Roger C. Johnson
April 11, 2011

Detroit’s Big Bang theory formed our automotive reality in the ’60s--at the same time, Ford, GM, and Chrysler came to the realization that bigger engines in smaller cars had the power to reduce the laws of physics like gravity, inertia, and motion to mere flies on the windshield of their hell-bent-for-leather marketing freight train. Lightweight ponycars could now be had with 390s, 396s, and 383s, allowing above average car nuts to dramatically expand their personal performance universe.

The ’67 Mustang before you is one such example. Only this car takes the Big Bang concept up several notches. This was originally a pristine example of Ford’s 320hp, 390-powered ponycar. No slouch in its own right, but that was then. Now, it has a 600hp, 484ci FE packing more punch than most asteroids of equal size and weight.

The current owner, Tony Samples, is a retired fabricator and shop manager for the aerospace industry. As you might imagine, his enthusiasm for mechanical detail is all encompassing. That would also explain how this car went from a casual rebuild project to the outer limits of what might be called "restosupermodification." Despite this Mustang’s clean and stock-looking exterior, there is hardly a system or part underneath or inside that hasn’t been lovingly massaged, refurbished, upgraded, or otherwise improved to match Tony’s vision of the perfect big-block ’67 Mustang.

This genuine S-code 390 GTA Mustang spent its entire life in the car-friendly climate of Georgia. When the original owner passed away, this machine found itself retired and parked in his brother’s garage for 20 years. It was about that time when Tony discovered it and made it his mission to buy the car.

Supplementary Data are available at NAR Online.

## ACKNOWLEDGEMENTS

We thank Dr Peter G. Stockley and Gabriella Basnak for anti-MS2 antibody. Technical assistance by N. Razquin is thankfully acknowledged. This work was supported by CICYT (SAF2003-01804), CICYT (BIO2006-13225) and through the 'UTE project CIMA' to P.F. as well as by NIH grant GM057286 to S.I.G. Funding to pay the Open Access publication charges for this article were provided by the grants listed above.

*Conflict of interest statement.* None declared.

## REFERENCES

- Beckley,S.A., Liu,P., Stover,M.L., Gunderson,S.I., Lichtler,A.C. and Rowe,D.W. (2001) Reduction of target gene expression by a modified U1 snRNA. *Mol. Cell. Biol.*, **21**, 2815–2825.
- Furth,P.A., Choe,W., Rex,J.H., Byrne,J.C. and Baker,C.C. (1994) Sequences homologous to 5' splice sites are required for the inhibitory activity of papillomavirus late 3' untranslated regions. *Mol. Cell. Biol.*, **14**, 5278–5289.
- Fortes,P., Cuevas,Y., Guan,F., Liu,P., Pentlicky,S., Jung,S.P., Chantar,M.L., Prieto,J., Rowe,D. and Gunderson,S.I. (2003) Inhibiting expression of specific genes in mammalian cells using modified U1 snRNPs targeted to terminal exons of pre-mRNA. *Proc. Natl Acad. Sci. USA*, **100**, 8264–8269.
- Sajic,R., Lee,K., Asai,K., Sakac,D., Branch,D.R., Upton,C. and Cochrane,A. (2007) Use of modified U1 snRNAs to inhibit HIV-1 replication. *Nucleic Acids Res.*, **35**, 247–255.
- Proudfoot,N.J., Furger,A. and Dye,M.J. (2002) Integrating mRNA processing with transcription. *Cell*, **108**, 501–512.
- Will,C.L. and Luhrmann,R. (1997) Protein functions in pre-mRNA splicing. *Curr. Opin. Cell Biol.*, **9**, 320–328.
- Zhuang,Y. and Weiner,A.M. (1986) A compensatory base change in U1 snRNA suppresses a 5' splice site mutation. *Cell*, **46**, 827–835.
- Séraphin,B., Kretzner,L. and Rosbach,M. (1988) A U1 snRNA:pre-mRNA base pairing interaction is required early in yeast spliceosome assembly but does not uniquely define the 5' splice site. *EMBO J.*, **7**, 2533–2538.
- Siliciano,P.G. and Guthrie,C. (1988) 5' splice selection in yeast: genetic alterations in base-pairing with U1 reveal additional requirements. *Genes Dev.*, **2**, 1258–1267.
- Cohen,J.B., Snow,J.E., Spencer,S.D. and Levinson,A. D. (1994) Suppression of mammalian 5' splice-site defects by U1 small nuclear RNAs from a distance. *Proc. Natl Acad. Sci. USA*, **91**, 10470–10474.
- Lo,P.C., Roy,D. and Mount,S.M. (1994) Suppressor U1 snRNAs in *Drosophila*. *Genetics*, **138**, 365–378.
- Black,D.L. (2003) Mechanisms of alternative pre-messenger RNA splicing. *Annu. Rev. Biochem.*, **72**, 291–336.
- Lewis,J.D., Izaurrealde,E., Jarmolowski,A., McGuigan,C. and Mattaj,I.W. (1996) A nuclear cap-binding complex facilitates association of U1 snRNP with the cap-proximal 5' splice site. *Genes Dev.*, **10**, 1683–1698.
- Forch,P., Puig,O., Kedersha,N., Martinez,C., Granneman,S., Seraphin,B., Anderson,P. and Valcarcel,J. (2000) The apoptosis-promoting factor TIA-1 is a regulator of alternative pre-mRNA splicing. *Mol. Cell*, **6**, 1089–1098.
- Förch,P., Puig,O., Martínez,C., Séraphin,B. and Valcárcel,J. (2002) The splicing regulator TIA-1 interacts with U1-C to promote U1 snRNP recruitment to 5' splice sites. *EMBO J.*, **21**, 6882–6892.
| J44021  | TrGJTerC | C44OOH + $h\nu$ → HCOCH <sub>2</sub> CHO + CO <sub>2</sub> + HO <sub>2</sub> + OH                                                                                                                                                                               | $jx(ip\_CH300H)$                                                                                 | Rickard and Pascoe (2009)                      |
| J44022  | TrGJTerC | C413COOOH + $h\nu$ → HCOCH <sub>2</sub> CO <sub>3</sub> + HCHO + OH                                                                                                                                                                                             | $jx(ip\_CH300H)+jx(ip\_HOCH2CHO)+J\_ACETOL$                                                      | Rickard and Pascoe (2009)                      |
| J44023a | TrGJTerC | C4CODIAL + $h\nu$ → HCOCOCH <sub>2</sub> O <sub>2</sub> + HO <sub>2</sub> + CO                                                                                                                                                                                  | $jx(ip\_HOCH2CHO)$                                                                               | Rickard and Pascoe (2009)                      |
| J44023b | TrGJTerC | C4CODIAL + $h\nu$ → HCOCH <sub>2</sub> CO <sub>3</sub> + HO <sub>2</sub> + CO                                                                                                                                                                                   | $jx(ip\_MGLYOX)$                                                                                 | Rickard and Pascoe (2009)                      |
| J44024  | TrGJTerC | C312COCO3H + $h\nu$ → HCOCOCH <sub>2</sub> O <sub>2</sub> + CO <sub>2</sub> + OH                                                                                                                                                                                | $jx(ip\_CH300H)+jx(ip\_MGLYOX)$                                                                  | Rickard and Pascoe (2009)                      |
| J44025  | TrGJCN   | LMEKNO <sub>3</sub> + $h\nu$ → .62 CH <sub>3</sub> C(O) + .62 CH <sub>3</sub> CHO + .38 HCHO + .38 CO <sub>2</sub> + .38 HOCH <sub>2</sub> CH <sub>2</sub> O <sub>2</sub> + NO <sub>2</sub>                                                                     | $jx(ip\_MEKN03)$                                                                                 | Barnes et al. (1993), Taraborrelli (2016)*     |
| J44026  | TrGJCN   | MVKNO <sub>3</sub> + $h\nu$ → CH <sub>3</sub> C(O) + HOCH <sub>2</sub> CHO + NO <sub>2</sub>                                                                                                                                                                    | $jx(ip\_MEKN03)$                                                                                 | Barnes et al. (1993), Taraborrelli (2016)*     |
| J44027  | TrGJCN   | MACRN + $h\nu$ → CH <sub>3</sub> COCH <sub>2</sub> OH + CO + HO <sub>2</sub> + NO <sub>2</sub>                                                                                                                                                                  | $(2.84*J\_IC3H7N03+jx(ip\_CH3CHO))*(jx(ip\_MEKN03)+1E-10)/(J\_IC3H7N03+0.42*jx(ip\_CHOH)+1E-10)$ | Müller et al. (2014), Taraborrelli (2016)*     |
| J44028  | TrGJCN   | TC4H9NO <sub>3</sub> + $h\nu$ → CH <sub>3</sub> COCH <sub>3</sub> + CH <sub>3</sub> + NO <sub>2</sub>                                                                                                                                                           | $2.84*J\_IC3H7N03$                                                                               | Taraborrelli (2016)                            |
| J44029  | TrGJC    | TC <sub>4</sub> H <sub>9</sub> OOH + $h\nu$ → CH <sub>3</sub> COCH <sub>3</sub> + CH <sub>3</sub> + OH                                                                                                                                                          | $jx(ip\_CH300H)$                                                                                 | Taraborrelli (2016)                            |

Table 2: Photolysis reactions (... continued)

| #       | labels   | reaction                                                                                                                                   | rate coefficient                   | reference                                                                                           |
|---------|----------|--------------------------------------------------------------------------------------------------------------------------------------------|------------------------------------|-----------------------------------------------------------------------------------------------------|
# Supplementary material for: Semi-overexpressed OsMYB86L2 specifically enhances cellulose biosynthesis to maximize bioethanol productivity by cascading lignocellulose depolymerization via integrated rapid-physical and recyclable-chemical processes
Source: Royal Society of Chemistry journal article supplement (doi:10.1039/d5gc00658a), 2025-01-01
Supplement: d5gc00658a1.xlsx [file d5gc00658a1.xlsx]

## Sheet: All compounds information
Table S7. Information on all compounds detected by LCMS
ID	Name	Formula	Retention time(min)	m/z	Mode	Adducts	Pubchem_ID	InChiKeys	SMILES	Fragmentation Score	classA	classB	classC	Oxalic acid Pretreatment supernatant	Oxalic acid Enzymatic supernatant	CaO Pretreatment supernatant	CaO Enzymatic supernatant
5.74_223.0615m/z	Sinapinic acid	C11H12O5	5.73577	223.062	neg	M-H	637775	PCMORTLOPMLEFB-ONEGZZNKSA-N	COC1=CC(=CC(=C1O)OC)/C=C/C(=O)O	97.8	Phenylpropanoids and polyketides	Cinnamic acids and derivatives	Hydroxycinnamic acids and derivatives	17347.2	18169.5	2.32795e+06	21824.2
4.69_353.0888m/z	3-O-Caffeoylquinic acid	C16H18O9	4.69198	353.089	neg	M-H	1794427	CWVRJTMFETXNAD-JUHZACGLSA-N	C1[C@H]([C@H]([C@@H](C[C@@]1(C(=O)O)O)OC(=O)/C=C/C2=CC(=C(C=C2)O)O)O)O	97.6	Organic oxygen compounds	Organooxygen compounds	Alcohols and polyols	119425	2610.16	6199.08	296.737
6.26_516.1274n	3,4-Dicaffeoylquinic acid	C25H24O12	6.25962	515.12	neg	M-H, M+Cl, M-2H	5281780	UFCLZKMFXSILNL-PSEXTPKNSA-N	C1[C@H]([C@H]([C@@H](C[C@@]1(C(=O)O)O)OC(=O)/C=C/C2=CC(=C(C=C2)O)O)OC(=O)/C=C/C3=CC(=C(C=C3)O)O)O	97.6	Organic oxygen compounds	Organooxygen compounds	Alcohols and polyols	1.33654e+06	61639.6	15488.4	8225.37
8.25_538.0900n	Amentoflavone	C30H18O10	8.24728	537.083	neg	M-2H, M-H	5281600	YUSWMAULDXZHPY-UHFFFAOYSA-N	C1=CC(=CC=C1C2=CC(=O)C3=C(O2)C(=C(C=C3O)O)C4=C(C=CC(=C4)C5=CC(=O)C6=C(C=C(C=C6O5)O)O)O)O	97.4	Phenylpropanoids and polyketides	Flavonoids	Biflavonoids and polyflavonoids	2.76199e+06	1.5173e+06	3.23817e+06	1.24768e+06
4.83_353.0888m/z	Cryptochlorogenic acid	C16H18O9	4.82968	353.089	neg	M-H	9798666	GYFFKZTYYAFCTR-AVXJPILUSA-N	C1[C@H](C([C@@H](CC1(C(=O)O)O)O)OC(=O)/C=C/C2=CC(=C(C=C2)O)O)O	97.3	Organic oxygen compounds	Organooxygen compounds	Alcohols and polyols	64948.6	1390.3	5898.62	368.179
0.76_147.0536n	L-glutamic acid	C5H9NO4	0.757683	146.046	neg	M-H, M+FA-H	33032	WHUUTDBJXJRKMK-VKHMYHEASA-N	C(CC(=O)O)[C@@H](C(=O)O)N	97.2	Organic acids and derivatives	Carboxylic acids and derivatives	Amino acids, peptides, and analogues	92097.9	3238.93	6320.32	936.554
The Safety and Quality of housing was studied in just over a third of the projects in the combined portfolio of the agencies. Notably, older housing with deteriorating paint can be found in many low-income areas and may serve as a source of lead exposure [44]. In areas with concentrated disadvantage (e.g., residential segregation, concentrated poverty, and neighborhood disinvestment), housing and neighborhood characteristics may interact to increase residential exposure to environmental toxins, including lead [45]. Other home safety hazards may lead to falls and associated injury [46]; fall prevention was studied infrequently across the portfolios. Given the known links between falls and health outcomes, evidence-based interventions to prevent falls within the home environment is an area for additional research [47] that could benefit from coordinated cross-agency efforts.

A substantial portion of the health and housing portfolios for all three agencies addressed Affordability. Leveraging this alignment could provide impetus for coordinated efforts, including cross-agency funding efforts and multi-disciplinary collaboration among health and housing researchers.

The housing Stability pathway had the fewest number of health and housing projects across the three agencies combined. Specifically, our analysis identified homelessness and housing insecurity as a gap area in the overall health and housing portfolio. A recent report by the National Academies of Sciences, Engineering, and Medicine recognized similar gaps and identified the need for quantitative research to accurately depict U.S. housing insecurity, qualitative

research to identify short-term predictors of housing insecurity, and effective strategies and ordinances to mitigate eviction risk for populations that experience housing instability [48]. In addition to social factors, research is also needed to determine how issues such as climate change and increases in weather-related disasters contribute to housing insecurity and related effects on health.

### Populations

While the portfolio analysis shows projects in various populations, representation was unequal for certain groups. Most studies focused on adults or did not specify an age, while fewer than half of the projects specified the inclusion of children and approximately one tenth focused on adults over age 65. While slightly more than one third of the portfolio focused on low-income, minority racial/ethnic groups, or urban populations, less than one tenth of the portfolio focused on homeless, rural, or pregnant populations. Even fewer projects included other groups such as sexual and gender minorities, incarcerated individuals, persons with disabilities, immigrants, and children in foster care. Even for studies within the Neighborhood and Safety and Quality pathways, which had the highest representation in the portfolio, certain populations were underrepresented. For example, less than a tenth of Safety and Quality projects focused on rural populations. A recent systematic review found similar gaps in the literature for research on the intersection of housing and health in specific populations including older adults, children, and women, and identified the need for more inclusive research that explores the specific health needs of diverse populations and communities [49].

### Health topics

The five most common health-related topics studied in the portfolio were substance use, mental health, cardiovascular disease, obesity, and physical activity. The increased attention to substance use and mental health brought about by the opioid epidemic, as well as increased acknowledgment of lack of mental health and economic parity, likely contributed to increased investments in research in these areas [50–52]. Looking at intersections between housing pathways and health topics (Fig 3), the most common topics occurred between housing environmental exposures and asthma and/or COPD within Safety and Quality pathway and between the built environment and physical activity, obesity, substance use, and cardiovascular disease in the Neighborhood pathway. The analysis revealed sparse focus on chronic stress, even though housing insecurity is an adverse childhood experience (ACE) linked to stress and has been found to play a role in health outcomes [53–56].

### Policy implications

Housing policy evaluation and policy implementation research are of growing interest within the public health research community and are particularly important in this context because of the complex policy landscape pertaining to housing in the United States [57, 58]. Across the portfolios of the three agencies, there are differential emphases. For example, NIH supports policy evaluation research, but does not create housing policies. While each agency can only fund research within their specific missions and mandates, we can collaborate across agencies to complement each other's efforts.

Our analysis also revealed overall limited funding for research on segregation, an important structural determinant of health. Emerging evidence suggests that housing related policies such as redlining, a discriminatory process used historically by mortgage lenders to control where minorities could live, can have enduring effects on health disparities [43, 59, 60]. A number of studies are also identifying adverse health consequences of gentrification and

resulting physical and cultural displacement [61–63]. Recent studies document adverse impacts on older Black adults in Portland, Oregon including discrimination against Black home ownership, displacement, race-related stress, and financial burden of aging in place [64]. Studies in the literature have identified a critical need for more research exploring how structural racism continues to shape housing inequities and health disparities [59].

Tony’s job one was creating a modern FE engine that continued the car’s historical ties to its original S-code heritage. Digger Don of Don Dixon’s High Performance engines (Norcross, Georgia) got the nod for the build that started as a new 427 Genesis side-oiler block and was stroked to 484 cubes. An Eagle crank and H-beam rods anchor the rotating mass. A pair of aluminum Edelbrock Performer heads were ported by Jentzen Porting Service and offer up a 10.5:1 compression ratio.

This engine hosts a Crane solid roller cam and roller rockers, in addition to assorted valvetrain components of the same brand. An MSD and a forged aluminum-cased distributor send the spark to all parties involved. An 870-cfm Holley feeds the beast, while exhaust chores were given to a custom set of Tri-Y headers, Spintech mufflers, and 3-inch exhaust tubing. The nicely detailed 427 FE-based 484ci powerplant looks like it was installed by Carroll Shelby’s crew, although Lockheed’s Skunk Works might be closer to the fact.

With 600 lb-ft of torque on tap, Tony opted for a heavily fortified Performance Automotive and Transmission Center (Bossier City, Louisiana) AOD four-speed automatic to give his forward motion some extra snap. This transmission was set up to perform without any electronic intrusions, including no converter lock-up. It utilizes a 2.84:1 First gear ratio and an 0.63 overdrive. The converter is an 1,800-rpm-stall unit. The AOD is rated for 800 hp, so Tony still has room to tweak this engine if ever inclined. A custom 5-inch-diameter driveshaft sends the power rearward.

Out back, a Ford 9-inch with 4.10 gears and heavy-duty locker are the last things the horsepower remembers as it’s spit out to the pavement. The differential is supported by a Total Control Products four-link suspension utilizing fully adjustable coilovers. The frontend stays planted with the help of Global West upper and tubular lower control arms, conventional coil springs, and adjustable shocks. Tony says his intent was to be able to readily adjust the suspension for road courses or the dragstrip. Welded-in frame connectors, a cross-braced frontend, and seam welding around the shock towers allow all these specialty suspension pieces to work efficiently.